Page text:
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Daniela Ark
blog for readers & writers of fantasy and paranormal romance - Books reviews, reading lists for readers.
blog for readers & writers of fantasy and paranormal romance - Books reviews, reading lists for readers.


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So you decided you want to be a writer! :)

Now you spend countless hours happily writing, you subscribed to writers communities and sites, you stay focused, productive and motivated (well… most of the time at least :) )

…but then… the day comes when… you are like… huh? Empty? No inspiration?

It doesn’t seem like that writer’s block you heard about. Not yet. Because you know exactly what you want to write: that crucial scene where your stellar character is going to deliver that story-changing line in that dreamy setting. You can play the scene in your head but… writing it? not so much! why not??? it is the details! The devil is there! When you try to picture your character… blank. You want to imagine your setting… blank. Ugh!

Sparks wanted!


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Book Review: Voices, by R.E. Rowe
A Beautiful Mind meets The Fault in our Stars! Voices is refreshing and charming.

My page-turner check marks go to ✓writing and ✓characterization.

3.6 stars
Read my review...

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In some of my book reviews and on part IV of this series What is “Good Writing?” I talked about how “good writing” could make me read pretty much anything.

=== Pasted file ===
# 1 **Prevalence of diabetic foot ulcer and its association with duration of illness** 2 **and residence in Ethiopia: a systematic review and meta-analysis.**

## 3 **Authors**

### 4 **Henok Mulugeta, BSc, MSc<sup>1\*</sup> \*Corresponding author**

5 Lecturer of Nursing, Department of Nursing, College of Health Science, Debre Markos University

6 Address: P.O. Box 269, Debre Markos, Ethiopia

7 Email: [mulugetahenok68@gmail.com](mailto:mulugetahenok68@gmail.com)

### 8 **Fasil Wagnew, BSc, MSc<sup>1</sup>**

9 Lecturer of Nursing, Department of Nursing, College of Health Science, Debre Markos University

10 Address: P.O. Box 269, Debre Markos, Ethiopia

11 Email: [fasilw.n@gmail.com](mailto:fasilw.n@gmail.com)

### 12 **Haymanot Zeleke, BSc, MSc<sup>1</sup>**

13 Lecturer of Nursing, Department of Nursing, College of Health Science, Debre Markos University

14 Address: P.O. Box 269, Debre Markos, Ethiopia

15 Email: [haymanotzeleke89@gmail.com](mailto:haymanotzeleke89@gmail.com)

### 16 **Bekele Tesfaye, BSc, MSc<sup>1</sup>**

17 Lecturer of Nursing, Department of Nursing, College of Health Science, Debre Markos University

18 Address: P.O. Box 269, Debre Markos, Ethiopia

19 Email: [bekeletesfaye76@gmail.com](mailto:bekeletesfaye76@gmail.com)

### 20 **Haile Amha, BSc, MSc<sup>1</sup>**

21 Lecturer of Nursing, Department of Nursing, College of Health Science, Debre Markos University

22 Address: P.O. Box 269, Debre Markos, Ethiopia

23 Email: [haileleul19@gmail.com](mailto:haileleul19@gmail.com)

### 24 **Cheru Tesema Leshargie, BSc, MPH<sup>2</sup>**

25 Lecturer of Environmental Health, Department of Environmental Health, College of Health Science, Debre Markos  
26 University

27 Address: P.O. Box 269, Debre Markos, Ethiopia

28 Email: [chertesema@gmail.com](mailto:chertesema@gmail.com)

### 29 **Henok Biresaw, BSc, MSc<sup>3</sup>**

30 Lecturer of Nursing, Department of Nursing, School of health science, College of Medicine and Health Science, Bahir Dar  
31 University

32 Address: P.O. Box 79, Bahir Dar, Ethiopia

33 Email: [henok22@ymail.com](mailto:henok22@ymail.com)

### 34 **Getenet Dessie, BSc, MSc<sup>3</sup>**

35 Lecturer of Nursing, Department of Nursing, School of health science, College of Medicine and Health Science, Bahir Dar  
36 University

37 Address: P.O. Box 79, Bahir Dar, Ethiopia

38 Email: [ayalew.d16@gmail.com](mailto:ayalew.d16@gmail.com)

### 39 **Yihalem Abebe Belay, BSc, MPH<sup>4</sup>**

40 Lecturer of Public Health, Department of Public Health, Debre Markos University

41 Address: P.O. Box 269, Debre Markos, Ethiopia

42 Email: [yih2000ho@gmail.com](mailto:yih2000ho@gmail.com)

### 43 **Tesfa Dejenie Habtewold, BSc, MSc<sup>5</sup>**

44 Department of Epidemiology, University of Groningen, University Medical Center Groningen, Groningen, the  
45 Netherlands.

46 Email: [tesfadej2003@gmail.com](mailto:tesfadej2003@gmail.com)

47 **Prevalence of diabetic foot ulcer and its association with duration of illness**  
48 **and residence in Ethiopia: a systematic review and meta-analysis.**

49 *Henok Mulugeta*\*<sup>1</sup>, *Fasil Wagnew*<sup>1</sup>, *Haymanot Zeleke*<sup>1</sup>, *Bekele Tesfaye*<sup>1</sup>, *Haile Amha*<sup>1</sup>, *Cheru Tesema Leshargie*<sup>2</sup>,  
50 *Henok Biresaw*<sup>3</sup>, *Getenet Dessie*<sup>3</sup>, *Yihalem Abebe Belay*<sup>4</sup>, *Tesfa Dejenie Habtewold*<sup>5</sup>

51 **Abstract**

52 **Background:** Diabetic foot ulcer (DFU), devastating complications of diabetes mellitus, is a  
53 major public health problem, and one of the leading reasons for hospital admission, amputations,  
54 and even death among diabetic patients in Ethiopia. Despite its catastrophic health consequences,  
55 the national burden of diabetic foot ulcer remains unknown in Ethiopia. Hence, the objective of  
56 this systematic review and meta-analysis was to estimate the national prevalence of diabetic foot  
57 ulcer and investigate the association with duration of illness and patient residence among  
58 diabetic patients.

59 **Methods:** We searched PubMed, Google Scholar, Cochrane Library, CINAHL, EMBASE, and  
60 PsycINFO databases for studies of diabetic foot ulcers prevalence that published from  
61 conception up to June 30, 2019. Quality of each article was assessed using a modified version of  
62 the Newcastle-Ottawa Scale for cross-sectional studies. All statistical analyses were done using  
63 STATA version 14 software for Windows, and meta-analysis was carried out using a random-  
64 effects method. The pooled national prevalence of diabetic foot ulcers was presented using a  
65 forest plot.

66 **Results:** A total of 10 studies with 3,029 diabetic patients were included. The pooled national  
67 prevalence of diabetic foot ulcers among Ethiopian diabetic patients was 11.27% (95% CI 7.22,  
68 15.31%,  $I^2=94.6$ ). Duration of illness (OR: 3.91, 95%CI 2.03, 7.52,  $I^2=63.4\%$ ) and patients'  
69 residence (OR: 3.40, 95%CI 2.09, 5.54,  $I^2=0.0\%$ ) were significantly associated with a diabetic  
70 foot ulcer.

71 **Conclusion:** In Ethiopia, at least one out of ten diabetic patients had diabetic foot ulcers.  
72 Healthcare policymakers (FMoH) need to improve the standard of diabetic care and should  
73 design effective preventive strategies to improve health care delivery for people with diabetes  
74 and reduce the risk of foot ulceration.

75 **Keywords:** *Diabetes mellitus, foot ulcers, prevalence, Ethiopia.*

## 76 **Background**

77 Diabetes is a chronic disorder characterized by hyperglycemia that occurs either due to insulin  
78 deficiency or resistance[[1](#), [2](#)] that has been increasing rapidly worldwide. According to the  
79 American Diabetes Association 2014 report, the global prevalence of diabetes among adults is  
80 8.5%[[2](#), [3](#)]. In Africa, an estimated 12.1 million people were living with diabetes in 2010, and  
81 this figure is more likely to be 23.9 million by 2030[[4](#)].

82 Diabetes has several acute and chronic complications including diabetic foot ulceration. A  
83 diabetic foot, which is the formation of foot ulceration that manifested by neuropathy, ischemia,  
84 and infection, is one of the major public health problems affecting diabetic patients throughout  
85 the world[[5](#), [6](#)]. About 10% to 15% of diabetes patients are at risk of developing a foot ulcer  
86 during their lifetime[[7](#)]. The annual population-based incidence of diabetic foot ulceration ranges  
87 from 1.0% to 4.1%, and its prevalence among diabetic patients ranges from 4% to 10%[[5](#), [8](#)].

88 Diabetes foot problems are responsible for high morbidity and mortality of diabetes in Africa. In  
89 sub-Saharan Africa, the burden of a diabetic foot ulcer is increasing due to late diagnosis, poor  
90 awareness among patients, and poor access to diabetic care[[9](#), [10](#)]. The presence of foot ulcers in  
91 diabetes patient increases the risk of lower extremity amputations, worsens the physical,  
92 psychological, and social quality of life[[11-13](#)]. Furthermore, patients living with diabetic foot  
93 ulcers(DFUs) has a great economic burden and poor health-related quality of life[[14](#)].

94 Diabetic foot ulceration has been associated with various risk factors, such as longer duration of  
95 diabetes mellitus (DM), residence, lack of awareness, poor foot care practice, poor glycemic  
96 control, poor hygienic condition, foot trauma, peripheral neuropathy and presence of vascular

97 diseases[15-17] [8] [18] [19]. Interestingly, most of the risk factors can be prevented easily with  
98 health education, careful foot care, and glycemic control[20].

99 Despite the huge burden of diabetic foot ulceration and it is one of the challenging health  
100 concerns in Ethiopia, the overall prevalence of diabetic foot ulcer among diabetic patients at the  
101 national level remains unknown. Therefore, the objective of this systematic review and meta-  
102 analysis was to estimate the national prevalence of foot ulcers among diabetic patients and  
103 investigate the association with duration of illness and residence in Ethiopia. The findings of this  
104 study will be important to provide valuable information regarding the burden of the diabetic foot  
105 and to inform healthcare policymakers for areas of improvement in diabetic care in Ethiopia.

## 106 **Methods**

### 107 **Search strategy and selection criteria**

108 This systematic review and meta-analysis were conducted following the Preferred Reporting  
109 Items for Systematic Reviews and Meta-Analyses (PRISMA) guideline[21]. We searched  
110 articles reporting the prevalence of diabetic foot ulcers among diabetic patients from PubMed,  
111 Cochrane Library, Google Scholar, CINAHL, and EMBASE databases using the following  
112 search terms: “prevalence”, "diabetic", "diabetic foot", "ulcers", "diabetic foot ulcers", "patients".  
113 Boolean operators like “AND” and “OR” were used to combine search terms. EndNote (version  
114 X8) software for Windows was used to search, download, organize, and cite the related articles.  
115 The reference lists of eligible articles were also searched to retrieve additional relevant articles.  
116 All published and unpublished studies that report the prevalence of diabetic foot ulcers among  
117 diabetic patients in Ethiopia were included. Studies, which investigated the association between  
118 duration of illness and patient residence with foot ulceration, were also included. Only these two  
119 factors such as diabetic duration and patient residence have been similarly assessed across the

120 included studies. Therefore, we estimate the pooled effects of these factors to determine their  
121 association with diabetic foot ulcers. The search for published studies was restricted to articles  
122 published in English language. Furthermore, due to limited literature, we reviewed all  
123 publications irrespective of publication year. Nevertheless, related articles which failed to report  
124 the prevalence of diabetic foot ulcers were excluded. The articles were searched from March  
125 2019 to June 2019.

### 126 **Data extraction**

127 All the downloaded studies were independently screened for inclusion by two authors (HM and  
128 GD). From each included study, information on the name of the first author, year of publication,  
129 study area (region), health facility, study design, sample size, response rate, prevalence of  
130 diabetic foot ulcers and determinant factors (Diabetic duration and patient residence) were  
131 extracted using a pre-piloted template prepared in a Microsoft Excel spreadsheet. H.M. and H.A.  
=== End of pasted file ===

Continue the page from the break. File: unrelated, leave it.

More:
The writing is the first thing you notice. Before the settings, the characters, or the story are revealed, there is the writing. But often what keeps readers turning the pages is not only good writing as in good  language, grammar, structure and pacing but the unique way the author chooses to use those elements or what is known as writing style.

So you have a book that is well-written and with a writing style you enjoy. What comes next? What is the third element that you notice, again, even before a character or setting is introduced?

For me is… The Voice, that mysterious quality that seems so difficult to defined and separate from writing style.
read more here:

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In the Spotlight [15]: author Interview – Susan Beth Pfeffer
Today I want you to meet Susan Beth Pfeffer author of one of my favorite series of all times: Last Survivors Series
D: I know you father inspired you to write. Did he mentor you as a writer as well, review your work, edit it?
S: Both my parents and my older brother encouraged my writing. I wouldn’t say any of them mentored me. Sometimes my father would come up with a suggestion, which I almost always rejected, but even that didn’t happen very often.
I took great pride in the pleasure my parents got from my books. And in the pre-computer days, my mother used to retype my manuscripts. That was a true test of love.
D: Who else inspired, mentored and/or helped you during your writing career?